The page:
Monthly Archives: March 2010

I don't like secrets

After the heights of last week, it’s almost necessary that this week allow us to exhale.  That being said, this Jin/Sun story still felt inconsequential.  Continue reading

A part of me is proud… let's just leave it at that

Well, that was certainly an improvement.  I think that’s partly due to a more interesting case of the week and partly due to some solid character development.  Continue reading

Fork Guy?

I always recall the supporting cast getting short-shrift in season one, but “Teacher’s Pet” is Buffy’s first Xander-episode, and it’s not a bad one.  Continue reading

Richard doesn't have any answers

At the end of this episode I found myself pleasantly surprised by how engaging Richard’s story was while being disappointed in how little it answered.  Having had a night to sleep on it Continue reading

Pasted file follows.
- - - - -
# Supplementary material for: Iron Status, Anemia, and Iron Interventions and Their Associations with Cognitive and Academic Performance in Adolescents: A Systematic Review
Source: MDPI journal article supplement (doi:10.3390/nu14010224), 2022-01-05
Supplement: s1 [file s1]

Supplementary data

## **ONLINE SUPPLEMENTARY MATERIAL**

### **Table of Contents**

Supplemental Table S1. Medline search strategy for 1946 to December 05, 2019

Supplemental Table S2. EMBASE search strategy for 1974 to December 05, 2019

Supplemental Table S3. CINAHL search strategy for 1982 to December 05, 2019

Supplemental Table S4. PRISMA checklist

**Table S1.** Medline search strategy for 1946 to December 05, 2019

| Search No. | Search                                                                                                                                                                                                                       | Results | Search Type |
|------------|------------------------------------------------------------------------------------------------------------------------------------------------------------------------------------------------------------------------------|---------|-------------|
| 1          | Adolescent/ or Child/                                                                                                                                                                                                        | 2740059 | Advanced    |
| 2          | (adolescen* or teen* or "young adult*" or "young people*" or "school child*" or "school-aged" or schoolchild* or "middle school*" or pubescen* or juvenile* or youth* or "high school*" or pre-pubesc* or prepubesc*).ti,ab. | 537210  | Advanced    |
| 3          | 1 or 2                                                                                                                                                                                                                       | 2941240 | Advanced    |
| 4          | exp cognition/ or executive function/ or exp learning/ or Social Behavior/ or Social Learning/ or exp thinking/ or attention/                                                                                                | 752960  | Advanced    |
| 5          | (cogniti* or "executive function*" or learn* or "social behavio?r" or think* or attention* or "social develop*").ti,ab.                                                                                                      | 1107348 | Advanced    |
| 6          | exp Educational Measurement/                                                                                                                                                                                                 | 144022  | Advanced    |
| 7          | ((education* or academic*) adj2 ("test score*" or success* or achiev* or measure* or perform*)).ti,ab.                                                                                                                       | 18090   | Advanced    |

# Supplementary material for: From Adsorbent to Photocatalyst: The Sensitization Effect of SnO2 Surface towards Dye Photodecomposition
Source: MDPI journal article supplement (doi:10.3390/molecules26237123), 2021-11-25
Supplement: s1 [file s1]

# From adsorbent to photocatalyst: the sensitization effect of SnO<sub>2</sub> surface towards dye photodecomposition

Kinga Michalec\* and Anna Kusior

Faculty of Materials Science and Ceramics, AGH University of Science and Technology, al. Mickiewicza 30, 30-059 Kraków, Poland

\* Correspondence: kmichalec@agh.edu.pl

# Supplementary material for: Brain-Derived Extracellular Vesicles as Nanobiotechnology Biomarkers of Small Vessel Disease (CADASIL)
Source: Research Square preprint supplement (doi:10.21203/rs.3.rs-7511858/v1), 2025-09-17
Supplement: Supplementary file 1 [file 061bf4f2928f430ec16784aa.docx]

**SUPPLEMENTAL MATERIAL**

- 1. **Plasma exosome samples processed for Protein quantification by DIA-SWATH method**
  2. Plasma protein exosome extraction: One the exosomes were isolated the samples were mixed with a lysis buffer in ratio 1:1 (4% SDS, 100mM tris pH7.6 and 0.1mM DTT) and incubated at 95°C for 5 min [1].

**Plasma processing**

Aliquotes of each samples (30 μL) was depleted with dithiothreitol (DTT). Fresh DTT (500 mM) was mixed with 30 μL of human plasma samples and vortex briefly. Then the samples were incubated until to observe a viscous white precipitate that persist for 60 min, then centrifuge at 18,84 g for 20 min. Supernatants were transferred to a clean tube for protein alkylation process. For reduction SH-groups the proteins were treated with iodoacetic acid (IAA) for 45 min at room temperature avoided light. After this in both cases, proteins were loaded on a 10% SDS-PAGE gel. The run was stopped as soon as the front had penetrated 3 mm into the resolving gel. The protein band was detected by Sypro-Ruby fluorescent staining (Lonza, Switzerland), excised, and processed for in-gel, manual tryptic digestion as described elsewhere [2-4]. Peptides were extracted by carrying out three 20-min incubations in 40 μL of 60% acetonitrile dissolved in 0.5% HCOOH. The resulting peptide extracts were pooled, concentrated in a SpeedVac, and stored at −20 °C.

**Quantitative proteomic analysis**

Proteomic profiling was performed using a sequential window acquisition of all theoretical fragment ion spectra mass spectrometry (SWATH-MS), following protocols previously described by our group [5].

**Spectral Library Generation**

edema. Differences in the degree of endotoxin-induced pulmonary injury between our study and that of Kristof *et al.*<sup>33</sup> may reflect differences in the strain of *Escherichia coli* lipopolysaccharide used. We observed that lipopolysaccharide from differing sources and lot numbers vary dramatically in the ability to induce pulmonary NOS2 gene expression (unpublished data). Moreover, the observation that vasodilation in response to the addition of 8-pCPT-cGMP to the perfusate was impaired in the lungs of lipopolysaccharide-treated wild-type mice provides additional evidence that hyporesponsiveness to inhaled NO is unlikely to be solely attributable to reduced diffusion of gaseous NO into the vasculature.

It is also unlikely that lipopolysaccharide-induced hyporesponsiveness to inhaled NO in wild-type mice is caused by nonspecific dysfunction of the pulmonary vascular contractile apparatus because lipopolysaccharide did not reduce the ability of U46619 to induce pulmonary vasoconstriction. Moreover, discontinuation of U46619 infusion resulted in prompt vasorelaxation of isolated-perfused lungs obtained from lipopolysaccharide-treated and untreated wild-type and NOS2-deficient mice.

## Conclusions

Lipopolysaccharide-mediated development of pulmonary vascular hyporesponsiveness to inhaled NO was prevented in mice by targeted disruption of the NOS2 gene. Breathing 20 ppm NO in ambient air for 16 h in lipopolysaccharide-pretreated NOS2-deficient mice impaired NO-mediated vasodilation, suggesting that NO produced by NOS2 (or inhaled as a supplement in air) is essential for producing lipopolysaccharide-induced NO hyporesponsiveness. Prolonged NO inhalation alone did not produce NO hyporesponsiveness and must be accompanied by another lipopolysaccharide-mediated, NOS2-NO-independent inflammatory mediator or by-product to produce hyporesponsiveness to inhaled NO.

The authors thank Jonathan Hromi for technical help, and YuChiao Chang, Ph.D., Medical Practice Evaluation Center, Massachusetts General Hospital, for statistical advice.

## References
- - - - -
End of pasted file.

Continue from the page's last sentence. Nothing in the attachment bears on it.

I'm not allowed in the first class cabin anymore

Well… that was a step back, wasn’t it?  This episode really suffers in comparison to the premiere.  Infidelity, murder, and date rape have been replaced with infidelity, credit card fraud, and a Paris Hilton cameo.  Specifics aside, “Credit Where Credit’s Due” suffers from a common flaw of serialized dramas, the story-of-the-week doesn’t stack up against the season-arc.  Continue reading

I know this really great cauldron

It’s hard to keep myself from examining these episodes in the context of what comes afterwards.  Willow’s offer to help Amy with her spells is hilarious in itself, but carries more weight given later events.  It certainly makes this seem like an effective foreshadow in retrospect, but there’s really no way to have known that when watching for the first time.  It’s one of the pitfalls of trying to gauge the “effectiveness” of the first season. Continue reading

The same way I know I can trust you


First off, a disclaimer:  I missed the first 15 minutes of “Recon” on Tuesday.  I’ve since watched the whole thing, but it’s a safe bet that the missing piece influenced my impression of the episode… which was a bit of a mixed bag.  Continue reading

That's where I come in

Veronica Mars isn’t commonly thought of as a genre-bending show, but the first scene of the first episode is dedicated exclusively to playing with hardboiled detective clichés.  Continue reading